Goolbai Gunasekara advocates teaching civics in our schools

When I sat the SSC exam (the former O-Levels), civics was one of the options. And I have often wondered why it was dropped because it proved to be highly popular and wasn’t considered a ‘difficult subject.’ One needed a minimum of seven subjects and since we had to slave over maths, and the difficult subjects like history and geography, civics was a welcome option.

This too is a good time for schoolchildren to learn about basic political systems. It’s also the best time to teach civics since children are young and impressionable. The knowledge gained will help them later when faced with any sort of national upheaval because they’ll know how they should behave and what to think.

In these days of national tragedy, I must ask whether citizens are aware of how Sri Lanka is really governed. Are we aware of our rights and responsibilities? Are we aware of the rights and responsibilities of our ministers and members of parliament?

Children need to learn these basic facts while still in school.

At university, we found that civics was a useful precursor to political science. I think civics was dropped from the curriculum when the switch to the Sinhala medium took place overnight. The textbook couldn’t be translated in a hurry and so its popularity simply faded away.

Students of today have no understanding of what good governance means. Their knowledge of politics is gleaned from what they hear their (probably equally ignorant) parents say. Watching the news teaches them nothing – they only see the appalling behaviour of politicos making a mockery of democracy.

Good education underpins their future actions and behaviour. So the importance of what we teach our children can’t be overestimated.

Here’s what I think our students should be taught – in outline, of course. The details can be left to learned professors and other academic pundits.

Firstly, provide a brief account of our parliamentary democracy and its development. And other forms of government could be explained briefly, highlighting both advantages and disadvantages. There are many examples of governmental systems, which (if properly applied) have both good points and bad. These systems include dictatorships, military dictatorships, federal/presidential republics, socialist administrations and communist regimes.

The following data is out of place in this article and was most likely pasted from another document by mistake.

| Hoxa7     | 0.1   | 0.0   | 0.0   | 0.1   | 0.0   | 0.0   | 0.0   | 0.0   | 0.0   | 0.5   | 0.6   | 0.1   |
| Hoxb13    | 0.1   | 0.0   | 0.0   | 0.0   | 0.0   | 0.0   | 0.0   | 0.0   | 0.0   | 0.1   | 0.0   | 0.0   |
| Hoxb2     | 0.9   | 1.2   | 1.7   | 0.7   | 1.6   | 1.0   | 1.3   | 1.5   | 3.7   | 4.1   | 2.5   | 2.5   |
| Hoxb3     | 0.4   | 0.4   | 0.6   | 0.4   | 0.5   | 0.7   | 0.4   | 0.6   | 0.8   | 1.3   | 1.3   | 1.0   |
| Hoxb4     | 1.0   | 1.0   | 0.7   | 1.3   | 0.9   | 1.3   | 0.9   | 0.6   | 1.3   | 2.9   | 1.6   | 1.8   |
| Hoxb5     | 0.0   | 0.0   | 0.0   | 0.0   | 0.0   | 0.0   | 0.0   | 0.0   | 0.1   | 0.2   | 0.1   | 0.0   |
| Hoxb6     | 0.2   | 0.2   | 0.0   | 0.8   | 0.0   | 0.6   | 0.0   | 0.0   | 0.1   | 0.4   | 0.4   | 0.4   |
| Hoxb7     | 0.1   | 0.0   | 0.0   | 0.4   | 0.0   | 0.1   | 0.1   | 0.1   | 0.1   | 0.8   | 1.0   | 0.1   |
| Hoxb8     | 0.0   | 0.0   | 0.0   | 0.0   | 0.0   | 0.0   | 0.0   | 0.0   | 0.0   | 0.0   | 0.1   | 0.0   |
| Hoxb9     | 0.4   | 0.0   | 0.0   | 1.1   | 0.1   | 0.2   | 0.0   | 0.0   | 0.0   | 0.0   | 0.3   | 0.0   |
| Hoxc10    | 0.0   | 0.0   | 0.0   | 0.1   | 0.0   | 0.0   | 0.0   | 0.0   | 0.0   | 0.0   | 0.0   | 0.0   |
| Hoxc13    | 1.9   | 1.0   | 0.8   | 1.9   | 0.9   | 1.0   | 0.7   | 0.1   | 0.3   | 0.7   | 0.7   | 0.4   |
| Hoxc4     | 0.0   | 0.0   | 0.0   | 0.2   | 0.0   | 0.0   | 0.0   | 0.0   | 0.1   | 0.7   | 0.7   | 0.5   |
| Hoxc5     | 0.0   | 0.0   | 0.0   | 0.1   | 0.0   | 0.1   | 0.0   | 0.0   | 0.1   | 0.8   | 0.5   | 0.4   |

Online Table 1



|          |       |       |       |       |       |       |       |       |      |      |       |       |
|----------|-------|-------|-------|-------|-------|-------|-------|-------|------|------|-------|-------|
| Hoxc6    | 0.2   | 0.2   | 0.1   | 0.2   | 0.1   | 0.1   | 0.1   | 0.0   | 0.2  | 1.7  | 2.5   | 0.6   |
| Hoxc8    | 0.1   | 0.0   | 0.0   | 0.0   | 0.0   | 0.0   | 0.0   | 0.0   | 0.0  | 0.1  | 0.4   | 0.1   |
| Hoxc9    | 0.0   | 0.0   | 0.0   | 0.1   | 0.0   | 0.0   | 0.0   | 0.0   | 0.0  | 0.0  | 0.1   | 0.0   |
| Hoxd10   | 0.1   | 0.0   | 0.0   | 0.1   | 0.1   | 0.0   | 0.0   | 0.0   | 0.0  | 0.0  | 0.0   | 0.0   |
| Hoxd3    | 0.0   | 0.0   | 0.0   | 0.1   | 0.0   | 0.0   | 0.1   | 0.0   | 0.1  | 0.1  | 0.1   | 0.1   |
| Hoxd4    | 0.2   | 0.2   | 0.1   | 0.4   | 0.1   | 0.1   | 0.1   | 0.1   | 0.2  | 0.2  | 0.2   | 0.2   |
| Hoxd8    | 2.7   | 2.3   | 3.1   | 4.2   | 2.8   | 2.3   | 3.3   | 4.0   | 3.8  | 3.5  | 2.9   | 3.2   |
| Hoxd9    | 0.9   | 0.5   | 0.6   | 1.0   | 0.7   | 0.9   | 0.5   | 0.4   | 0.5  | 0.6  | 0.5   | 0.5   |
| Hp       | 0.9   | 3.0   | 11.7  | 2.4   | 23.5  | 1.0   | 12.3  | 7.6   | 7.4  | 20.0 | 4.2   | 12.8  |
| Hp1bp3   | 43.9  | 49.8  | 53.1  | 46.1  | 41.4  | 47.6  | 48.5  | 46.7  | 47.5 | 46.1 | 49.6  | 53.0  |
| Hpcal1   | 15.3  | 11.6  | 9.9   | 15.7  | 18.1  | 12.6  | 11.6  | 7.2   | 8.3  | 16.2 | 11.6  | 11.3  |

And then there are monarchies that are extremely interesting because they’re very different to each other. The British version for example, is based on longstanding tradition and an unwritten constitution. The Japanese imperial family has provided perhaps the most respected and loved emperor in history. The Thai king (the former sovereign, at least) could sway governments if he wished to do so; everyone adored him and to speak against him was punishable with a prison sentence.

If the subject was still being taught, this would have been a good time to discuss the abdication of the Japanese Emperor and coronation of a new Thai monarch. Further discussion could include the British monarchy, and the love and respect the Queen commands.

Parents must surely see the advantage of teaching civics.

The world is changing rapidly and unless our children are armed with knowledge of good governance, they won’t be able to apply high standards to their own country in the event that their elected representatives behave poorly. They must understand the power, not the prostitution, of their future votes. And in a corruption ridden country, we need to give our children the knowledge and weapons to fight it.

Youth should know what they can expect from their elected representatives. In a way, civics teaches them to be the watchdogs of our constitution. Education along these lines should definitely be considered and civics made an option as an O-Level subject immediately.

If I had my way, I’d ask that every parliamentarian has to obtain at least a pass in civics at the O-Level exam. In fact, it should be made a compulsory subject rather than the teaching of religion, which results in tragic sectarianism.

As I write this month’s column, our country is still reeling from the Easter Sunday carnage. Education can be a great binder. What our students learn from their teachers in schools will help them make the correct choices later in life – and the learning of civics will help this immensely.

Lastly, what we badly need is an education in values instead of religion – let religion be taught by parents and priests. But let a good values education syllabus unite the communities of Sri Lanka in schools at least. Let all our students learn the same values.

A good place to start would be with the Krishnamurti syllabus, which was taught with great effect at the international school where I was the principal. Unity and a commonly accepted truth may be the happy result.